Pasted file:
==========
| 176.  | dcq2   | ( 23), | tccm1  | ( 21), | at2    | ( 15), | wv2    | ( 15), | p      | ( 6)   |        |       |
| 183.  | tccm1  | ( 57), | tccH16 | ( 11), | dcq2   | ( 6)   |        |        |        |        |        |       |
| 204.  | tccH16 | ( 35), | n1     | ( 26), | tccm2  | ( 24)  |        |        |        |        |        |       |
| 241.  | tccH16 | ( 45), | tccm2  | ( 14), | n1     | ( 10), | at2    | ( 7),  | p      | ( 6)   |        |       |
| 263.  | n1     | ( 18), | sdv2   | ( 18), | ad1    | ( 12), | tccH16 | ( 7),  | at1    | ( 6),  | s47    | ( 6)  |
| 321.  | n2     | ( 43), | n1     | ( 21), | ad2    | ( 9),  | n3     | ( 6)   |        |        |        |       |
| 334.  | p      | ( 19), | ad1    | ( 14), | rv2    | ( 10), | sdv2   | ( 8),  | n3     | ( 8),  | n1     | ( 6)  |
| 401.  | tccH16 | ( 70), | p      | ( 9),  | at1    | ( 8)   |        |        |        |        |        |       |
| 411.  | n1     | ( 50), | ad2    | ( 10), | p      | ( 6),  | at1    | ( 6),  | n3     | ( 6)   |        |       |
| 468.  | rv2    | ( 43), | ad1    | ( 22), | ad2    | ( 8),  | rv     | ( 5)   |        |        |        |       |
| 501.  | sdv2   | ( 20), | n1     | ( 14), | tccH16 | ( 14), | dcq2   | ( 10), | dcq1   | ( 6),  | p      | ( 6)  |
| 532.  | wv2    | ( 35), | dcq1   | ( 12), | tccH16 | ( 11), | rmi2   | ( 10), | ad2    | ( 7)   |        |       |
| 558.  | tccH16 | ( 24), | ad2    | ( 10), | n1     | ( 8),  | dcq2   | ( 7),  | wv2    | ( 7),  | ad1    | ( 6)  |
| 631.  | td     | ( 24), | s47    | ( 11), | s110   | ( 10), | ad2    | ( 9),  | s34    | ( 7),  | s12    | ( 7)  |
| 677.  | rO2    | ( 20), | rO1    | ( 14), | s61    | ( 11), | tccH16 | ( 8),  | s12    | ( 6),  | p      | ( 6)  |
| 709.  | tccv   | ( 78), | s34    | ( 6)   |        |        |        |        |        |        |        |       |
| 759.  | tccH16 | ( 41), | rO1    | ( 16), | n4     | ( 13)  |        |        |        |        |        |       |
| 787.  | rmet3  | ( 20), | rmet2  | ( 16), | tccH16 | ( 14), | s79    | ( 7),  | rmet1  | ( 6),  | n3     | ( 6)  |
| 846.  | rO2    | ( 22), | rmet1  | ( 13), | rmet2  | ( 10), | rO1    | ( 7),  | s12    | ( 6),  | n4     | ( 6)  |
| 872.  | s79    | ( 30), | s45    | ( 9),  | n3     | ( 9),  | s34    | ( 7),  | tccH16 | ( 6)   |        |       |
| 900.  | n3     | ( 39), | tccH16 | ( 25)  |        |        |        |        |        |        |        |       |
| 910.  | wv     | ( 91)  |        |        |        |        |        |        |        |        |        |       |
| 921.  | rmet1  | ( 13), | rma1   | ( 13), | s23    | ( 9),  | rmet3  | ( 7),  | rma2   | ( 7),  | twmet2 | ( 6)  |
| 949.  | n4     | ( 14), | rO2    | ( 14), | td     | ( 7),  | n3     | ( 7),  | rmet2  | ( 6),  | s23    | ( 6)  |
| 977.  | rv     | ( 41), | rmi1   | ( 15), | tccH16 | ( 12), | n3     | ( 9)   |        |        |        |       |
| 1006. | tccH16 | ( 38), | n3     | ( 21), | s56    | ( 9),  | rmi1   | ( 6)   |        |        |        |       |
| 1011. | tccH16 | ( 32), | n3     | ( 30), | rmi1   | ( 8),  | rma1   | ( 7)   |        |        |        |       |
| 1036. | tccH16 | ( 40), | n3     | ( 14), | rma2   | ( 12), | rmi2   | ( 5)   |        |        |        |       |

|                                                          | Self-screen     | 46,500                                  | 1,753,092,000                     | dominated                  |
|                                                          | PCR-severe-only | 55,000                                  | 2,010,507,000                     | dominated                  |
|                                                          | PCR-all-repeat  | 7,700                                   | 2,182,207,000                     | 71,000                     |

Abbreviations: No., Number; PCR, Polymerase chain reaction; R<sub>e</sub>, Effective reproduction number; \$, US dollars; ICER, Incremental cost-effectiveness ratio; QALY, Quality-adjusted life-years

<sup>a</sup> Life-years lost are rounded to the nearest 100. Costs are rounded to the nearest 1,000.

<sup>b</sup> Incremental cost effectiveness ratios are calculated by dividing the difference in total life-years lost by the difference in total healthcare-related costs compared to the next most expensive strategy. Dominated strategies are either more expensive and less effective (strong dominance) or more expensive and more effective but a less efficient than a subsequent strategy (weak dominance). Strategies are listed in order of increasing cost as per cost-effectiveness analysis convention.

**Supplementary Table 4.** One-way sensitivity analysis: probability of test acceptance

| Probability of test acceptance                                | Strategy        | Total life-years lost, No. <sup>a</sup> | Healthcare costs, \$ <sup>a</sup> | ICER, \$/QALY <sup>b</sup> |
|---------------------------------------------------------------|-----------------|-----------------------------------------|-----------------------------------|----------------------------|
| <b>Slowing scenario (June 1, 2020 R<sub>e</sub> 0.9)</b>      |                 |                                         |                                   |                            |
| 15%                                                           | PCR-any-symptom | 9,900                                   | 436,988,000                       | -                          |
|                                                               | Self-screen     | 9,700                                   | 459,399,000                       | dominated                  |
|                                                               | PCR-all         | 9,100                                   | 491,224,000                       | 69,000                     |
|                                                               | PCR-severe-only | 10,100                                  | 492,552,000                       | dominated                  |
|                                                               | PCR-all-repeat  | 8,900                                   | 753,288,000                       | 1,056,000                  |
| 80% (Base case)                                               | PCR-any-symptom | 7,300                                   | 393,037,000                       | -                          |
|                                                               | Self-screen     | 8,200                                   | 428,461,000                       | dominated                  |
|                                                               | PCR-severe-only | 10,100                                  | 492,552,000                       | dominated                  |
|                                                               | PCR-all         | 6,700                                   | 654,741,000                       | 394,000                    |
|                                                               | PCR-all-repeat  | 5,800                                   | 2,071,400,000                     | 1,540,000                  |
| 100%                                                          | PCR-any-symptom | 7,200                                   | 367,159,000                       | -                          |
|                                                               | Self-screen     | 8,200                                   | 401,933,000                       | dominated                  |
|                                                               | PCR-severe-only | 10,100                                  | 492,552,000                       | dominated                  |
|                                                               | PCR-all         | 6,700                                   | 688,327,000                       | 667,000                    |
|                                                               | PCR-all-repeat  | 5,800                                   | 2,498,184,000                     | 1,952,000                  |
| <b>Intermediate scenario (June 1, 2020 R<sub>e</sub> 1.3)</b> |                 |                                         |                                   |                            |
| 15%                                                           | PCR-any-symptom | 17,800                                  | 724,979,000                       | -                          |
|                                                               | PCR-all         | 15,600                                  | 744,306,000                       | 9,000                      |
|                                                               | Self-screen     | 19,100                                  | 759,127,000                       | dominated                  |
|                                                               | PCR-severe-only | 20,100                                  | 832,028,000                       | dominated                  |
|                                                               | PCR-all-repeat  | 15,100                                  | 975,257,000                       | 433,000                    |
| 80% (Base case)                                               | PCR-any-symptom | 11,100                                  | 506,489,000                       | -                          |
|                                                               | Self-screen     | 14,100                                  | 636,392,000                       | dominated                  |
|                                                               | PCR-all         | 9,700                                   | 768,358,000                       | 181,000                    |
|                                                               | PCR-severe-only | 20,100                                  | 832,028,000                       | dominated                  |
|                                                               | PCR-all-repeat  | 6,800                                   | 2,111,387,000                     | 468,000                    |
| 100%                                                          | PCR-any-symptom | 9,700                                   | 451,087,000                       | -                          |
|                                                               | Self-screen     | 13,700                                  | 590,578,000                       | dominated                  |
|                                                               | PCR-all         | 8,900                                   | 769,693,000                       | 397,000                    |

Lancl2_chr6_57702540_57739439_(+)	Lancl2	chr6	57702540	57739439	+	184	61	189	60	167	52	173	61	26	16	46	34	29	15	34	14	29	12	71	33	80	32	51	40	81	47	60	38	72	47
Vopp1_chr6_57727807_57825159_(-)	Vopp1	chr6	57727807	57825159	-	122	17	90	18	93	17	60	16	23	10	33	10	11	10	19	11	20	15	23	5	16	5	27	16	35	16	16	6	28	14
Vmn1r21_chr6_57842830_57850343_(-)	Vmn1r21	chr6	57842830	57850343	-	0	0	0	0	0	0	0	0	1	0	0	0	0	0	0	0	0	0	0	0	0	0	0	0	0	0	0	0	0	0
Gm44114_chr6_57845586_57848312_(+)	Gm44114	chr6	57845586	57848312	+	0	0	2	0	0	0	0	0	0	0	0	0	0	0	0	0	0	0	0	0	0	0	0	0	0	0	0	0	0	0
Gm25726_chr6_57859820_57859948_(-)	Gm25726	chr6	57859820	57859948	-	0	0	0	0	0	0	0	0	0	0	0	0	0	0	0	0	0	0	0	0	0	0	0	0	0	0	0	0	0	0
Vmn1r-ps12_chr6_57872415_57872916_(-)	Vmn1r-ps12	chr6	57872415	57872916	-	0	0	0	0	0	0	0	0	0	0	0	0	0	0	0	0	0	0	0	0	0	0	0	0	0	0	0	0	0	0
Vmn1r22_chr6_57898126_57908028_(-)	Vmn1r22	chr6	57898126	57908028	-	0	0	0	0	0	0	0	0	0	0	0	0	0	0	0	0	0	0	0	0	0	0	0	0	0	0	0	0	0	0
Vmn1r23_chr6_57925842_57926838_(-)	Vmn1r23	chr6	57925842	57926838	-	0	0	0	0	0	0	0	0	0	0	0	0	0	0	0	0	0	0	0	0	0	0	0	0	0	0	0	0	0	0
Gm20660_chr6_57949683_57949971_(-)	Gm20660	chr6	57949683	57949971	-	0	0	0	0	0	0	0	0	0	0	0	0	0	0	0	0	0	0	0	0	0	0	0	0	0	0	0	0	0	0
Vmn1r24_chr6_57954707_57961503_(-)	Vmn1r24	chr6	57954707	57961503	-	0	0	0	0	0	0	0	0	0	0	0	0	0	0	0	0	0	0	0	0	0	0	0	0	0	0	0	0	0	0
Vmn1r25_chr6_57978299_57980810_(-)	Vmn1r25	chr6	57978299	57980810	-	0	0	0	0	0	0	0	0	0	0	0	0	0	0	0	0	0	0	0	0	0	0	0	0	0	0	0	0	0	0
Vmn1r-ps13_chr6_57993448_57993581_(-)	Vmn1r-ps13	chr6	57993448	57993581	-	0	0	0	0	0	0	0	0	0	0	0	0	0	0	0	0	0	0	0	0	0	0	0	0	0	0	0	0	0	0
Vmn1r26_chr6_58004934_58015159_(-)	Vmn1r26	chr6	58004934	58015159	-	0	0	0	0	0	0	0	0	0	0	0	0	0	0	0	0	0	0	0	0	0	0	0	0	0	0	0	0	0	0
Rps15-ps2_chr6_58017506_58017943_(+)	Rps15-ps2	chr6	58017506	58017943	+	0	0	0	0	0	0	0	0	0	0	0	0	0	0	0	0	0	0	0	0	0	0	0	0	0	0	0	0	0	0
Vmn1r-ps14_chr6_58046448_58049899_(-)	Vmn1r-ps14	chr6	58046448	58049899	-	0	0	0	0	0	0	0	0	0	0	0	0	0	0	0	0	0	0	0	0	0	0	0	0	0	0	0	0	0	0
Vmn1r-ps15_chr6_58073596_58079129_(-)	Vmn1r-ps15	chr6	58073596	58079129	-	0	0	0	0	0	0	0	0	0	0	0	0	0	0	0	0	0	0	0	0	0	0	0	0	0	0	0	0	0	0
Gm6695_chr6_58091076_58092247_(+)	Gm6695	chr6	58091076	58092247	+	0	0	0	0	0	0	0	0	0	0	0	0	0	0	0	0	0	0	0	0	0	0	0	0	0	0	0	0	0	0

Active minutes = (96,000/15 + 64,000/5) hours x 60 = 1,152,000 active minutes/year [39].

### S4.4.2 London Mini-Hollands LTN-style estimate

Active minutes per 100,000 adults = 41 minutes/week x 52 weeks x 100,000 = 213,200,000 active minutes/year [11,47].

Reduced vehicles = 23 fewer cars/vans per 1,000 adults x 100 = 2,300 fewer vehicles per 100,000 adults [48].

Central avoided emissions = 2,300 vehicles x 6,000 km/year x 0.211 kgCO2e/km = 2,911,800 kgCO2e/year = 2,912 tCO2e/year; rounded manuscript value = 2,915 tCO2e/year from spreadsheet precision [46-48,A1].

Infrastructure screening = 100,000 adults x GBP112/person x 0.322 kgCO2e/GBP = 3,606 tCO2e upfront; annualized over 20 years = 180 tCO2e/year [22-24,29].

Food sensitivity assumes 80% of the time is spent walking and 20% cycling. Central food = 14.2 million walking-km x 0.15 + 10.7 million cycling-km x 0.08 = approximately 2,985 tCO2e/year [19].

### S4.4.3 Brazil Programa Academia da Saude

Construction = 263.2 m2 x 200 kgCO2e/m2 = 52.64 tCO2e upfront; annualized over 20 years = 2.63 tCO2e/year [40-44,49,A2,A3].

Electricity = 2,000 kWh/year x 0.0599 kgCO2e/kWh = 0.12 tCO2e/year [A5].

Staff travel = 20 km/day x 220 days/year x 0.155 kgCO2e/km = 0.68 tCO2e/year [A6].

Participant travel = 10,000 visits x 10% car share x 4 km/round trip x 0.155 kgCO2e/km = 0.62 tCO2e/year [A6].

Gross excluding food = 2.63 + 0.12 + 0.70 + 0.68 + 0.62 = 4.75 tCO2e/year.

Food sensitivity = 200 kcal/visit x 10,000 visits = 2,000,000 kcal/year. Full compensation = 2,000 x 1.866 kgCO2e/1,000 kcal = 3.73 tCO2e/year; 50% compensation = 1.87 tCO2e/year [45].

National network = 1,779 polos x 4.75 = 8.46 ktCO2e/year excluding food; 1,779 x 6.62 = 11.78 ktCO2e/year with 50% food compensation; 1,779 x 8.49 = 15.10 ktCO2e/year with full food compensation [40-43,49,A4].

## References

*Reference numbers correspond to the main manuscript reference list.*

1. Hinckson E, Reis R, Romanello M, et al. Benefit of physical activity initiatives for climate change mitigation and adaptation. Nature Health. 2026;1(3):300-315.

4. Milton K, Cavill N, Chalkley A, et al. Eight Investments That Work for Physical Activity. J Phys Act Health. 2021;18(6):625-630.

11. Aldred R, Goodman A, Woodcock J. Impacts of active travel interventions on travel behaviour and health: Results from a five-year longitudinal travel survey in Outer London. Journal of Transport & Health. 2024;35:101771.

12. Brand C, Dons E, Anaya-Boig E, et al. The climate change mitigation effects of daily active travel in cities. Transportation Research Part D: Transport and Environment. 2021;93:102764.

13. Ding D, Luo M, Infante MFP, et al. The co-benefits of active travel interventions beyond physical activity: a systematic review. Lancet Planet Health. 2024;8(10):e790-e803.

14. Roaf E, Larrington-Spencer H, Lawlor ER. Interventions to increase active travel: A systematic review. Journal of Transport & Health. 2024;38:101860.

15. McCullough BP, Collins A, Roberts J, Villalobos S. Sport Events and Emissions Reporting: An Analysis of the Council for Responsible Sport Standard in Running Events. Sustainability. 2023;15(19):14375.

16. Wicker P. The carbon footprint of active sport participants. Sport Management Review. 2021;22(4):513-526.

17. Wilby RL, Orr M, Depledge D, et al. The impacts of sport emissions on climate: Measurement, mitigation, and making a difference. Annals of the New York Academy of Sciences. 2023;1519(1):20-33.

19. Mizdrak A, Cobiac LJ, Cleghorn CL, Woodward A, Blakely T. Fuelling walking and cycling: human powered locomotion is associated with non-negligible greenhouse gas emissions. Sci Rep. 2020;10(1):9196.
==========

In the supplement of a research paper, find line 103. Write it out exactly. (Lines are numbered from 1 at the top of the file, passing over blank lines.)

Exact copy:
4. Milton K, Cavill N, Chalkley A, et al. Eight Investments That Work for Physical Activity. J Phys Act Health. 2021;18(6):625-630.